Objectives: Previous research suggests that male circumcision may be a protective factor against the acquisition of sexually transmitted infections; however, studies examining this question have produced mixed results. The aim of this study was to examine the association between circumcision status and sexually transmitted infection risk using a longitudinal birth cohort study.
Methods: Data were gathered as part of the Christchurch Health and Development Study, a 25-year longitudinal study of a birth cohort of New Zealand children. Information was obtained on: (1) the circumcision status of males in the cohort before 15 years old, (2) measures of self-reported sexually transmitted infection from ages 18 to 25 years, and (3) childhood, family, and related covariate factors.
Results: Being uncircumcised had a statistically significant bivariate association with self-reported sexually transmitted infection. Adjustment for potentially confounding factors, including number of sexual partners and unprotected sex, as well as background and family factors related to circumcision, did not reduce the association between circumcision status and reports of sexually transmitted infection. Estimates of the population-attributable risk suggested that universal neonatal circumcision would have reduced rates of sexually transmitted infection in this cohort by 48.2%.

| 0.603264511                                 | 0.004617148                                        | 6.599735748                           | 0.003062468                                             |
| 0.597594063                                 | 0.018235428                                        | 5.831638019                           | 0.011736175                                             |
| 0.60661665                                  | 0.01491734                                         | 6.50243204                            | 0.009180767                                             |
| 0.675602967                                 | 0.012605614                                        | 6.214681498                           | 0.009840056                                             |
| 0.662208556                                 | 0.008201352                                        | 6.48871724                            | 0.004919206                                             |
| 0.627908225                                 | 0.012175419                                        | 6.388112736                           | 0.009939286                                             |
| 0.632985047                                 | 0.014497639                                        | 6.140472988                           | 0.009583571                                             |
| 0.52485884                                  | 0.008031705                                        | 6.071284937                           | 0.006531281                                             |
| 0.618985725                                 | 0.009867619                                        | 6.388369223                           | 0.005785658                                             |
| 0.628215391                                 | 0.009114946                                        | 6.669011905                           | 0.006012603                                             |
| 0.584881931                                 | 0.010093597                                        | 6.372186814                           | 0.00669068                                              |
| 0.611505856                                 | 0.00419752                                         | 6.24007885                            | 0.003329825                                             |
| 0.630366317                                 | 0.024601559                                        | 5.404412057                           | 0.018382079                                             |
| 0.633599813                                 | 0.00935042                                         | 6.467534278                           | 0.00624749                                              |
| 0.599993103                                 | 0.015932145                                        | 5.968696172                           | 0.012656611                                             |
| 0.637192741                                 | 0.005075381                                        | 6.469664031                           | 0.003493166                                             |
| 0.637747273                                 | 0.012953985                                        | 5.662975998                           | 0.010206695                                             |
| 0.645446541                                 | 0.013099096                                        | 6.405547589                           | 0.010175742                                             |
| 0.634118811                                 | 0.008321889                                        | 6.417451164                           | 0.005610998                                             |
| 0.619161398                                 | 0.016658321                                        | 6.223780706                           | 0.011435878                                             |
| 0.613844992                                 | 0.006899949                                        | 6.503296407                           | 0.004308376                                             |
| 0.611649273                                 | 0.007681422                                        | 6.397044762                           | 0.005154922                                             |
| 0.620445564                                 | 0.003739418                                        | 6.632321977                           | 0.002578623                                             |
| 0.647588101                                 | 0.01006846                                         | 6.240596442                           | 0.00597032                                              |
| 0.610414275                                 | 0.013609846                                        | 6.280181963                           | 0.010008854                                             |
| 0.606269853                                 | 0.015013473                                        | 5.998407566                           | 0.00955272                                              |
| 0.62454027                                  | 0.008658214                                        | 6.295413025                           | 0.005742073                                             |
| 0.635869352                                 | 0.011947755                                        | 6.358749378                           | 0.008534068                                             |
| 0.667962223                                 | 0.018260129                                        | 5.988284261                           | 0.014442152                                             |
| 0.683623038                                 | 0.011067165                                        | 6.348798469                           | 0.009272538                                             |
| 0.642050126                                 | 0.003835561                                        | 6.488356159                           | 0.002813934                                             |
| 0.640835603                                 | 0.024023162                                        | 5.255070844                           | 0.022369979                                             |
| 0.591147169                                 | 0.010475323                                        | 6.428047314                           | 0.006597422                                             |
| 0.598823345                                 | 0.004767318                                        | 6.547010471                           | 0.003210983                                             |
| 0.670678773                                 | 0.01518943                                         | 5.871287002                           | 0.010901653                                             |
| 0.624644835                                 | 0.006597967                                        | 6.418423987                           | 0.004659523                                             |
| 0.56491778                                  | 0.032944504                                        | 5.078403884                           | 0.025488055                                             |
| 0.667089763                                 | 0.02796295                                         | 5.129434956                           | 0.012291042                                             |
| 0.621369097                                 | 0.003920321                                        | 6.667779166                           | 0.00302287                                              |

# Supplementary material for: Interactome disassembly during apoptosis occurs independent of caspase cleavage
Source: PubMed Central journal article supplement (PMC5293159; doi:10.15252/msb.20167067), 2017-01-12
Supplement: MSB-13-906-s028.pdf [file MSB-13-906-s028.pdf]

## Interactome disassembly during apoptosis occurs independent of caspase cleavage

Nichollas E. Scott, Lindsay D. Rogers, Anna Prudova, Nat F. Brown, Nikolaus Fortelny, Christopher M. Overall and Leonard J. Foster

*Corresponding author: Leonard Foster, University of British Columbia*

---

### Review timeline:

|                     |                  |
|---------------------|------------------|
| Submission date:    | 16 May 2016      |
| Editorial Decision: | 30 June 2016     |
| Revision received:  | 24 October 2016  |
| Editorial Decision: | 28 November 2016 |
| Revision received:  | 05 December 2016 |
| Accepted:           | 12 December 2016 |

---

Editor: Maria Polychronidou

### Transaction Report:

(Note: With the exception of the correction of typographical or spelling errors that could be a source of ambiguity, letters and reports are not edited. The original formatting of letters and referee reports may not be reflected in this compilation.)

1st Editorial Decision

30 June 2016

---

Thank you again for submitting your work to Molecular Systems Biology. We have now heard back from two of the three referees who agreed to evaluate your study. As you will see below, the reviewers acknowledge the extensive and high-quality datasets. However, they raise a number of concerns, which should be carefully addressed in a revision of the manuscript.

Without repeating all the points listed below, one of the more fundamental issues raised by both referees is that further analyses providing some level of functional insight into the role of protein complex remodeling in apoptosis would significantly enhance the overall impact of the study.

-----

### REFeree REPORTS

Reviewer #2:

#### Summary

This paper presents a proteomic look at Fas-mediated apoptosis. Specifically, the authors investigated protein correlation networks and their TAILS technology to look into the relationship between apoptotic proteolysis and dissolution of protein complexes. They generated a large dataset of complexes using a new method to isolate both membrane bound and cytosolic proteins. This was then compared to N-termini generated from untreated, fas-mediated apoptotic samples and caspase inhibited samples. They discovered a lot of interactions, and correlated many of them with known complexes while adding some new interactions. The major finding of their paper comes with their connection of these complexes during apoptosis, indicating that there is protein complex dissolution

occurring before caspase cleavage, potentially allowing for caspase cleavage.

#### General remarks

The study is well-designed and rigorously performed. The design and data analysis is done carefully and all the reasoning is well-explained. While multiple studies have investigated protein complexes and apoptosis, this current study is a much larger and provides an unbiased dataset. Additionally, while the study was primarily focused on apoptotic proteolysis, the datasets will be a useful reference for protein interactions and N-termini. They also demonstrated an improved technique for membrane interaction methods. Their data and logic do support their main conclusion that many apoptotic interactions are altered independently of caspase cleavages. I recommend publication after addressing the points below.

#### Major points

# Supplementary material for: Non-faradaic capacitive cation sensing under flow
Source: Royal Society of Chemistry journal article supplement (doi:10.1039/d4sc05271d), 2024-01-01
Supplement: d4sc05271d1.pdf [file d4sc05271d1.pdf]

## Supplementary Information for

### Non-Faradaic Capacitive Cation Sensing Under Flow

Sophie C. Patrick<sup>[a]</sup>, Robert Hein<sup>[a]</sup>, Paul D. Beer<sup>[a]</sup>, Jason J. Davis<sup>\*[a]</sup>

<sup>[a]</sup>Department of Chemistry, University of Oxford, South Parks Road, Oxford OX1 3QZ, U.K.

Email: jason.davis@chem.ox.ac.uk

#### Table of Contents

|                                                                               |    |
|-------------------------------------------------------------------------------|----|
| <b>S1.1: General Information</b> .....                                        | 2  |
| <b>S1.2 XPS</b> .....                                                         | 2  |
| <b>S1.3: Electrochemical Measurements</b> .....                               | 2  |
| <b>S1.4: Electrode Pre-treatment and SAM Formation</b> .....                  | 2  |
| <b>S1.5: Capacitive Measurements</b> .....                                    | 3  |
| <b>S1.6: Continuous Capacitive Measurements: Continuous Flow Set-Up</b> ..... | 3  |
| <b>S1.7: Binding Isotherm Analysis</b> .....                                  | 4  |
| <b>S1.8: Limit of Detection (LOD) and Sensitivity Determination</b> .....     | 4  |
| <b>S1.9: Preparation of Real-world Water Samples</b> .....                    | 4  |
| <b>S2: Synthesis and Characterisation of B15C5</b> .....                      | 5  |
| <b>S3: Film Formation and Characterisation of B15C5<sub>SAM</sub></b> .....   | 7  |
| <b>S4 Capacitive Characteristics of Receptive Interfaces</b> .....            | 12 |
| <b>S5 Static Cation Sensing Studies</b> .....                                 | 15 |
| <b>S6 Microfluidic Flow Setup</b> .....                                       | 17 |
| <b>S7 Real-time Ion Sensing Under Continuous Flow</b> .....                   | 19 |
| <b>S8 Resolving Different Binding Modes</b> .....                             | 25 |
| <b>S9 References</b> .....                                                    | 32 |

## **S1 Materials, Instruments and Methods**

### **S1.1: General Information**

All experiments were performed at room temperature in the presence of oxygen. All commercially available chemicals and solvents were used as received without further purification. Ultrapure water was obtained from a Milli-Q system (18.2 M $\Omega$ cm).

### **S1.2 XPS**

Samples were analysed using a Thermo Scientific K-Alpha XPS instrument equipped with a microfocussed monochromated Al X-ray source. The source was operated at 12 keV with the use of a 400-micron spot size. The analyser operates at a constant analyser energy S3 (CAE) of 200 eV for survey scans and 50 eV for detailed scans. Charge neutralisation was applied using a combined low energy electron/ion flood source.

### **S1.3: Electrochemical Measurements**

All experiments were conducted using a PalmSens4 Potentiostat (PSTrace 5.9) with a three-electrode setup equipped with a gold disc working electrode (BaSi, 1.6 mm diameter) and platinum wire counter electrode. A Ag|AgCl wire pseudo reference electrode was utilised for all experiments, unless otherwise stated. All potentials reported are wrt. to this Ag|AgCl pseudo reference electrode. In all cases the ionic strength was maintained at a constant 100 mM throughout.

Conclusions: These findings suggest that uncircumcised males are at greater risk of acquiring sexually transmitted infection than circumcised males. Male circumcision may reduce the risk of sexually transmitted infection acquisition and transmission by up to one half, suggesting substantial benefits accruing from routine neonatal circumcision.